He said there had to be a long-term solution to Northern Ireland’s funding crisis.

“We don’t want something which just gets us over the hump of this year or allows for pay increases to take place over one year,” he said.

“We want to ensure in the next number of years we have that certainty so we’re not back here again and public sector workers are having to go on strike again.”

Regarding a potential return to Stormont before Christmas, he said: “We have not and are not going to put any timelines on this.

“We are very clear we want to see Stormont back on a sustainable footing. That means the political issues, the constitutional issues, the economic issues, need to be resolved.

“I am hopeful that progress can be made, and be made quickly.”

But he said his party returning to Stormont was not enough to bring financial stability to Northern Ireland.

“The reality is we need to see that funding in place and that funding is not there,” he said. “That is what we are looking to resolve.”

He added: “Going back to Stormont in of itself does not resolve these issues.”

Alliance MLA Andrew Muir said there was a risk the negotiations could drift over Christmas as he said public patience with the DUP has “run out”.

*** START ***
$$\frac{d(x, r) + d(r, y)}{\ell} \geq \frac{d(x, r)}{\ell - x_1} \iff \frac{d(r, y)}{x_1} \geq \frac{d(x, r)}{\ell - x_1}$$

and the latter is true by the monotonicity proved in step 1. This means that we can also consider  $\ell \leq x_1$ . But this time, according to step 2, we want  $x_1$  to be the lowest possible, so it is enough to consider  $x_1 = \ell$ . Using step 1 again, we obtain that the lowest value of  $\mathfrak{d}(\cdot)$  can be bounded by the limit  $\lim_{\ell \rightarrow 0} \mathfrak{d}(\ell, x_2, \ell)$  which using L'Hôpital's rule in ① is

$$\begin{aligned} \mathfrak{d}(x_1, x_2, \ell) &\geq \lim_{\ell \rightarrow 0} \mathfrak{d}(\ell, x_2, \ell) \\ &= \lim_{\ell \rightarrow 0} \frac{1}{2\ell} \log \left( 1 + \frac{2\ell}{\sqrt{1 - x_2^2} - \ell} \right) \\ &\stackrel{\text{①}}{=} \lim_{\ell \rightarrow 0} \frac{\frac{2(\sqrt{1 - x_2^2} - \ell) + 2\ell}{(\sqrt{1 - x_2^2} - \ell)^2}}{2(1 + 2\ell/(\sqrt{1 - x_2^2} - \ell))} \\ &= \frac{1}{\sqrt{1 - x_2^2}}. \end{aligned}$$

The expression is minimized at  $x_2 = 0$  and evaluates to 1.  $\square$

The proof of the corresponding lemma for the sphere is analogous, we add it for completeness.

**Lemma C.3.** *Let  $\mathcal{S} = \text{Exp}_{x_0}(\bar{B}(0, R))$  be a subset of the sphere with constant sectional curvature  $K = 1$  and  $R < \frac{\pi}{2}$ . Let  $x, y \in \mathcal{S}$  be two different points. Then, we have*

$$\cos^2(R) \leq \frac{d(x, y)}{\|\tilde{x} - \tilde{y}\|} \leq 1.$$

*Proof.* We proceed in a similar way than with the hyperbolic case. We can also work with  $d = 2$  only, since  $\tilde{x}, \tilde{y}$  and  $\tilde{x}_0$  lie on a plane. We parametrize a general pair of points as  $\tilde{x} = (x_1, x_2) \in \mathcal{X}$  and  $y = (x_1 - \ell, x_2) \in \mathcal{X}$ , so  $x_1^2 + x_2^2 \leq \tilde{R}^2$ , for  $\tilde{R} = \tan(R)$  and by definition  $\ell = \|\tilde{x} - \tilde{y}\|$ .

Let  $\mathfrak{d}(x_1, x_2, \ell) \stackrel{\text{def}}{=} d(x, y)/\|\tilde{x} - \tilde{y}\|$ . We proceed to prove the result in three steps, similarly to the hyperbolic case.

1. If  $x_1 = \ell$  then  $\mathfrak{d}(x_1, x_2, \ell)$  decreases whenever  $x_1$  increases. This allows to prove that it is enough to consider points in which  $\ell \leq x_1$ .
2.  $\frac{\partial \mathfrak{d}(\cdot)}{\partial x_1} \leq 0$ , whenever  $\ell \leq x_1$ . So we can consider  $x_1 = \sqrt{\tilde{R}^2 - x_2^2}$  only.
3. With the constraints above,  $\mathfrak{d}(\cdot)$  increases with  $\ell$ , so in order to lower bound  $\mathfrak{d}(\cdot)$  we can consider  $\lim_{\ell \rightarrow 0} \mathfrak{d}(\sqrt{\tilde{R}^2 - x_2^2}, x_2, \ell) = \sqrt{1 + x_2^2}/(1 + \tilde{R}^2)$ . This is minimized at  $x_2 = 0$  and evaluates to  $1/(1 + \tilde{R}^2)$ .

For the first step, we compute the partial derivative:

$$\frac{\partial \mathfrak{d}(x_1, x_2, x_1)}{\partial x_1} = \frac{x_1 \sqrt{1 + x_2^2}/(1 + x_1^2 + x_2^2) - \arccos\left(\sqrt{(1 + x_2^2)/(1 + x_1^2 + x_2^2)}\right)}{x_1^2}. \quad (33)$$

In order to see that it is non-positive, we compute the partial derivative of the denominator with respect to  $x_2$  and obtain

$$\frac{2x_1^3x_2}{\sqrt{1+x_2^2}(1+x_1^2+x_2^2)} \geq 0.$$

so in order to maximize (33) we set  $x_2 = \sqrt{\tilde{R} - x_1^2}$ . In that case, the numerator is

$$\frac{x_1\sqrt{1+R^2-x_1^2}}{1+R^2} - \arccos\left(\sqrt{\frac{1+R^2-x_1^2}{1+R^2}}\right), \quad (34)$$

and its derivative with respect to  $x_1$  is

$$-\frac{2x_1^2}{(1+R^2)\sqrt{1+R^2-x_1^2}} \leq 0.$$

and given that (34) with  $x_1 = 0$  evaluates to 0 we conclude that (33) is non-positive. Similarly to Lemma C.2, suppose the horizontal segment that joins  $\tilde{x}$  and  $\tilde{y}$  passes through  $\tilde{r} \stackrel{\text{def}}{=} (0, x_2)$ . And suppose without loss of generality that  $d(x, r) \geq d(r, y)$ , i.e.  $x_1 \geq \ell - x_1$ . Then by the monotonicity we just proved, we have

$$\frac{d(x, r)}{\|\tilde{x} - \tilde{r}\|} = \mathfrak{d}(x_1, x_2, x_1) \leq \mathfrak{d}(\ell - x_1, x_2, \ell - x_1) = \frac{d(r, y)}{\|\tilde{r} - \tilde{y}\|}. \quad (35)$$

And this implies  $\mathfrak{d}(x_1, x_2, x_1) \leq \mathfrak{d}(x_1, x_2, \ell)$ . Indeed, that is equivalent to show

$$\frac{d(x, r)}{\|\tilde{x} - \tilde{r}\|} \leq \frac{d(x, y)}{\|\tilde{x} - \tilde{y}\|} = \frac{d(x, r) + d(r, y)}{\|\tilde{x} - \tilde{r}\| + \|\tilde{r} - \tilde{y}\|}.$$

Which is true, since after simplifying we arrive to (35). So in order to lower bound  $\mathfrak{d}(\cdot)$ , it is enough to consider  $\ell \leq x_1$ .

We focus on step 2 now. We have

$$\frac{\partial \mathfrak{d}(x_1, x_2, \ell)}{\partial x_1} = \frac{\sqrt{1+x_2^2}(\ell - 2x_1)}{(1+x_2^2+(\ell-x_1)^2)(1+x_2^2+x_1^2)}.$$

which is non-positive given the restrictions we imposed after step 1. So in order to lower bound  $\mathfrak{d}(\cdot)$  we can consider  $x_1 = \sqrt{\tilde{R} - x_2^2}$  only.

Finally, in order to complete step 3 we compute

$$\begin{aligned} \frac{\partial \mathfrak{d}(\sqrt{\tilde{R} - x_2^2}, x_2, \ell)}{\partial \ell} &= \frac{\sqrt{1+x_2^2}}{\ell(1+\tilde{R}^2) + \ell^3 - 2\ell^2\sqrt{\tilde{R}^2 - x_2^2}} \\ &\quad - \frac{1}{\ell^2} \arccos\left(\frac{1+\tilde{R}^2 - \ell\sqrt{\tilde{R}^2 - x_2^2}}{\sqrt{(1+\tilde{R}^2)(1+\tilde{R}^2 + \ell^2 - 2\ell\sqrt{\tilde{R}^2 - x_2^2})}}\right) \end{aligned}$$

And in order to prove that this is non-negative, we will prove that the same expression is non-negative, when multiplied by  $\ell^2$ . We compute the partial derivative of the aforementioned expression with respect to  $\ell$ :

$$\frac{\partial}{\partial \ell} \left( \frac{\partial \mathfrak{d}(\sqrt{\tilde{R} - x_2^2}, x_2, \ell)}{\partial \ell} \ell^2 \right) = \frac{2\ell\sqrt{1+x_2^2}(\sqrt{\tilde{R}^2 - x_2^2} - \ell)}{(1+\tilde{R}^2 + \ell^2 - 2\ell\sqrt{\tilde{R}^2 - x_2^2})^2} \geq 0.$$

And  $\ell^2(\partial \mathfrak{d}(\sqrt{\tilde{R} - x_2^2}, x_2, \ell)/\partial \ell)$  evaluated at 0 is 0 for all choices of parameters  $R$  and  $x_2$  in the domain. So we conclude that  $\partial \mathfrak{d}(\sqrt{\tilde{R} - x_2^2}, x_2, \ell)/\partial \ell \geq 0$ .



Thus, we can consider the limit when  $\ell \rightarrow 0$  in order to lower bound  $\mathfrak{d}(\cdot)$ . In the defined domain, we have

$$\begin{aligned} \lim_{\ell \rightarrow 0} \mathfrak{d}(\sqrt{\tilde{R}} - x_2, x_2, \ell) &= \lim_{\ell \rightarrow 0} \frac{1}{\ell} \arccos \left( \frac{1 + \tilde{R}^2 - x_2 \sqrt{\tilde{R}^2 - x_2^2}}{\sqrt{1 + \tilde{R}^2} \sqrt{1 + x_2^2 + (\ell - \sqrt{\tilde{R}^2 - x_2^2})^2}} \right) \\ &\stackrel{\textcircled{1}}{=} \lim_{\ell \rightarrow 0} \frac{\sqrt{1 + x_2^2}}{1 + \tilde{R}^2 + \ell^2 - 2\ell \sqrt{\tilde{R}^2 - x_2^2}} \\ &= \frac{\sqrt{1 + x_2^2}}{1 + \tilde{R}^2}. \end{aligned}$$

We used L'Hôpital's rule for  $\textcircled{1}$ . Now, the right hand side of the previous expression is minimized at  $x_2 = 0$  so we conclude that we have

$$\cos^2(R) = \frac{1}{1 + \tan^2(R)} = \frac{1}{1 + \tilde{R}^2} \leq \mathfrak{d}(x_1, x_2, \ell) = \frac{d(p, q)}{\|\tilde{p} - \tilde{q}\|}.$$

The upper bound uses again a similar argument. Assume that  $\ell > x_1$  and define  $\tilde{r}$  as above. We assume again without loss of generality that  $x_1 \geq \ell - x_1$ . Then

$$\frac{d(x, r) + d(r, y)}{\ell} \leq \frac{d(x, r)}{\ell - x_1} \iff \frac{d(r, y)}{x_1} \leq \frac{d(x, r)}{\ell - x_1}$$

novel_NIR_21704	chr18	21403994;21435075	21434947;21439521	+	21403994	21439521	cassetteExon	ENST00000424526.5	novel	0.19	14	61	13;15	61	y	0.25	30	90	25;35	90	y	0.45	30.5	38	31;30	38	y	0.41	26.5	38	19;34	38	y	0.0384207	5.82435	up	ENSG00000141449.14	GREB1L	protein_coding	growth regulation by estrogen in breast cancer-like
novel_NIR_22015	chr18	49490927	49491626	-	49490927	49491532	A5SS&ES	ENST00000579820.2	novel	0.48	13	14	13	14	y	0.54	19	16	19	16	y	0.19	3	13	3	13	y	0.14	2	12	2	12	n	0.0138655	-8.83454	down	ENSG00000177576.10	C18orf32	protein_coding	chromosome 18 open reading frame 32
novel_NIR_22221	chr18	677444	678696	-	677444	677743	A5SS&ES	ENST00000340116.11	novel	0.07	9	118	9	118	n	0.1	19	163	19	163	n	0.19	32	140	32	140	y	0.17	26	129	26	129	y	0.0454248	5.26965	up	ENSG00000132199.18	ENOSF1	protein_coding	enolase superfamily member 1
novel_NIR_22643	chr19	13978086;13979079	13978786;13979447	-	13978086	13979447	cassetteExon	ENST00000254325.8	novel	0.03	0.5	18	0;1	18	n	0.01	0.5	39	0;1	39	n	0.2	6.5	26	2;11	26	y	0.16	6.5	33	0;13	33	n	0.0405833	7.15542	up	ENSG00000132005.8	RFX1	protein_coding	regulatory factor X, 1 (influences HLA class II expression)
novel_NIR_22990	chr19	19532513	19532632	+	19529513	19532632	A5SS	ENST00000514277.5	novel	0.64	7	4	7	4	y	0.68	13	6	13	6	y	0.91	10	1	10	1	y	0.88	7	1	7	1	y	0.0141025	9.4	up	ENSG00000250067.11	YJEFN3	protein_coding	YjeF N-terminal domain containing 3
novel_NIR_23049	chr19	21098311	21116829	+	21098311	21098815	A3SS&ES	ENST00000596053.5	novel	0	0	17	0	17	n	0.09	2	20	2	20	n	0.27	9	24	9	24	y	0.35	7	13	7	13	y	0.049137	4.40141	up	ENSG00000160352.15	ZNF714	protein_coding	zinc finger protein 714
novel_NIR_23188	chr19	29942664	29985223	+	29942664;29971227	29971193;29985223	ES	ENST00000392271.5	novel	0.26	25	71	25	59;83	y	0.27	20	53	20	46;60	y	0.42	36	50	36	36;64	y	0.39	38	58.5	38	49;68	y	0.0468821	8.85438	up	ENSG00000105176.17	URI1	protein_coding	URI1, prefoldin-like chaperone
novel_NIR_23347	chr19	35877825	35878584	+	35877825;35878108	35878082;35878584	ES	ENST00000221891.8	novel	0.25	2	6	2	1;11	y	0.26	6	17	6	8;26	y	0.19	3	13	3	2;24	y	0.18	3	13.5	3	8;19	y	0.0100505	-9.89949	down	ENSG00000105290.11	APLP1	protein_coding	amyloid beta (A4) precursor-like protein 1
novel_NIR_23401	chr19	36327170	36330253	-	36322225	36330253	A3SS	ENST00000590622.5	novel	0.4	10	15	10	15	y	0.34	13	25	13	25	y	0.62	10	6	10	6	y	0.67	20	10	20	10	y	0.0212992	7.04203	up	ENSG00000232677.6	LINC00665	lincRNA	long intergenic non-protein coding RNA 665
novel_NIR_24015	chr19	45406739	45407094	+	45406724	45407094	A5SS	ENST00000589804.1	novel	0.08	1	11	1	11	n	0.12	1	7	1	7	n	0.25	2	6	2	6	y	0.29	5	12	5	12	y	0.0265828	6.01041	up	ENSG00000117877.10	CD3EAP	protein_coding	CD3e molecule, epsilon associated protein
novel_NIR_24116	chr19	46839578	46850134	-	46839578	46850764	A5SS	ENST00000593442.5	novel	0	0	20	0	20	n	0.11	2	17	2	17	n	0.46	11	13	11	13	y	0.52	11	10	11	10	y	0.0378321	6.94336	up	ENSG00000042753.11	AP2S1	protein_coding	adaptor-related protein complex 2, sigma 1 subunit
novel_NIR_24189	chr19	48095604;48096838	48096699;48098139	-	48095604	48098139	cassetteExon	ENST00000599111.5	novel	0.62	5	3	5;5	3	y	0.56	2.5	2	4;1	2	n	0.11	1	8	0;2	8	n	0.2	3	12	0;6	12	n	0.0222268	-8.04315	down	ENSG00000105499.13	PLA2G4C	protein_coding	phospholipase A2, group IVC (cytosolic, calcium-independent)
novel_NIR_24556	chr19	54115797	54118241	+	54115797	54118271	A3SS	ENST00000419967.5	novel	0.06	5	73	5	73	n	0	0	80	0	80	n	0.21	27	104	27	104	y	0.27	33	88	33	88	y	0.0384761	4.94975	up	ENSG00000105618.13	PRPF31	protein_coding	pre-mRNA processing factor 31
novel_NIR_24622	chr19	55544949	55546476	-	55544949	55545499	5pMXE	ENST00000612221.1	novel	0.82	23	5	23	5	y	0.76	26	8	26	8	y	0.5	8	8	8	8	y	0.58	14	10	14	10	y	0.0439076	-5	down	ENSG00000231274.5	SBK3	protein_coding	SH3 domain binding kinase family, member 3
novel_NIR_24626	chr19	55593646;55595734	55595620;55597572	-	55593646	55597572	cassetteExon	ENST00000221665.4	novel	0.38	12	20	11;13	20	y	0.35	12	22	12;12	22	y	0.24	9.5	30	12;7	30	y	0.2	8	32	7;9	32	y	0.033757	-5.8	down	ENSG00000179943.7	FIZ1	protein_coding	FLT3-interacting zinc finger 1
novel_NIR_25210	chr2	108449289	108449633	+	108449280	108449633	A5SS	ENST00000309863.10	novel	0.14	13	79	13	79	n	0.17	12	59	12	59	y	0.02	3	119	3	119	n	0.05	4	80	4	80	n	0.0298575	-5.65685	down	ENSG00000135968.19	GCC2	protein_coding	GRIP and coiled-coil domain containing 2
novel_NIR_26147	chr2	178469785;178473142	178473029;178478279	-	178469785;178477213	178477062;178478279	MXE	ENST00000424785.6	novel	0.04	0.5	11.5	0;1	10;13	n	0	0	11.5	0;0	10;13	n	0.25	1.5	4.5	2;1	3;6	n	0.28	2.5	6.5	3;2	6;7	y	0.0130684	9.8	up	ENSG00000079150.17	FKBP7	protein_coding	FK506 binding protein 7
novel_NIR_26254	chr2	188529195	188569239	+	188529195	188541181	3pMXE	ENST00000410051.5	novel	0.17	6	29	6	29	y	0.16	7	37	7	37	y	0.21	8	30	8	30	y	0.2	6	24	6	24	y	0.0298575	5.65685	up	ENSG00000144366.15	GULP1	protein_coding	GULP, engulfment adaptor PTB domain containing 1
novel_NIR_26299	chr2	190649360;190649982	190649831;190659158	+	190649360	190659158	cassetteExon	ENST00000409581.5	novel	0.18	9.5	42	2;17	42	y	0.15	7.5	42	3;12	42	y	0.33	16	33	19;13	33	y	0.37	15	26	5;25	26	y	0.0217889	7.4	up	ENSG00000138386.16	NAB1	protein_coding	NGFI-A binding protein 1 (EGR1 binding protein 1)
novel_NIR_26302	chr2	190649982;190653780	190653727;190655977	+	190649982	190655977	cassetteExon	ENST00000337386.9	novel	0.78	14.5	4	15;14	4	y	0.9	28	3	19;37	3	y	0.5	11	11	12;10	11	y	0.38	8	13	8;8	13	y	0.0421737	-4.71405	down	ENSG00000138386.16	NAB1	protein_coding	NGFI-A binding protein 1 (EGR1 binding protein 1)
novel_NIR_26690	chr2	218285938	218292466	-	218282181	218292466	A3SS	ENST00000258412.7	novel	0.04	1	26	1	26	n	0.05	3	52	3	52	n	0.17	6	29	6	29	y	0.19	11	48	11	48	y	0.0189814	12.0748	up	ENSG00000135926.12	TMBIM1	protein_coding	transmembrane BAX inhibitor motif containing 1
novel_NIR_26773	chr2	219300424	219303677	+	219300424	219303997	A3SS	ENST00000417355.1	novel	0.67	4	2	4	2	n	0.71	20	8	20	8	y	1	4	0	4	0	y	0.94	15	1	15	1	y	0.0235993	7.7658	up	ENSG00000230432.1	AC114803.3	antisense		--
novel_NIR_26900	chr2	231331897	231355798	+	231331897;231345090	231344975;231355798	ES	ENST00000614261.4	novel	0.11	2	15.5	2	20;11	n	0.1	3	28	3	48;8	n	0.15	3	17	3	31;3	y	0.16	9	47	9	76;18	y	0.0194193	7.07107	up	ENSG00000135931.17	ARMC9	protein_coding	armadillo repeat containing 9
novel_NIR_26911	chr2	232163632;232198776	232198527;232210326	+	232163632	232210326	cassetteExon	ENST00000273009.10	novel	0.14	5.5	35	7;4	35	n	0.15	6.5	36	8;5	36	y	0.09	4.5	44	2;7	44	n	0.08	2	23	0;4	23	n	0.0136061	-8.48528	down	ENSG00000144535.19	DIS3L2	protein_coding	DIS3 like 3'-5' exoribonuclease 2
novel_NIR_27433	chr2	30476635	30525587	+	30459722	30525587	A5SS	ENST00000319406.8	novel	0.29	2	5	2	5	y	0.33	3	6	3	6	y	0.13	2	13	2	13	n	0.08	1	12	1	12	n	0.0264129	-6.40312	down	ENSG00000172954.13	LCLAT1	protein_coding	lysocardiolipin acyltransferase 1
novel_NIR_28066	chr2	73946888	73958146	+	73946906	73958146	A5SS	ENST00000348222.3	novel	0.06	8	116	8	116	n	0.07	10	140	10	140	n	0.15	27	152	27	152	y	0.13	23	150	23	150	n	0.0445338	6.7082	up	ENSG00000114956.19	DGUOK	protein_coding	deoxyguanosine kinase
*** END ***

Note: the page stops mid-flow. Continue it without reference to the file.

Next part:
“We also need a clear message from the DUP that they are going to go back into the Assembly and the Executive,” he said.

“That will give us a much stronger basis upon which to argue to the UK Government.”

Ulster Unionist MLA Steve Aiken said the issue of revenue raising measures was more complex than introducing a major hike to rates bills.

“Just a straightforward, we’re going to increase the rates by 15%, I don’t think that’s where we are,” he said.

SDLP MLA Matthew O’Toole has said it would be “inexcusable” for negotiations around the Government’s offer on a public-sector pay deal and the restoration of Northern Ireland’s institutions to “drag on beyond Christmas”.

“I don’t think public-sector workers or people who rely on our public services are going to wait any longer for more dither, more delay and more indecision,” he said.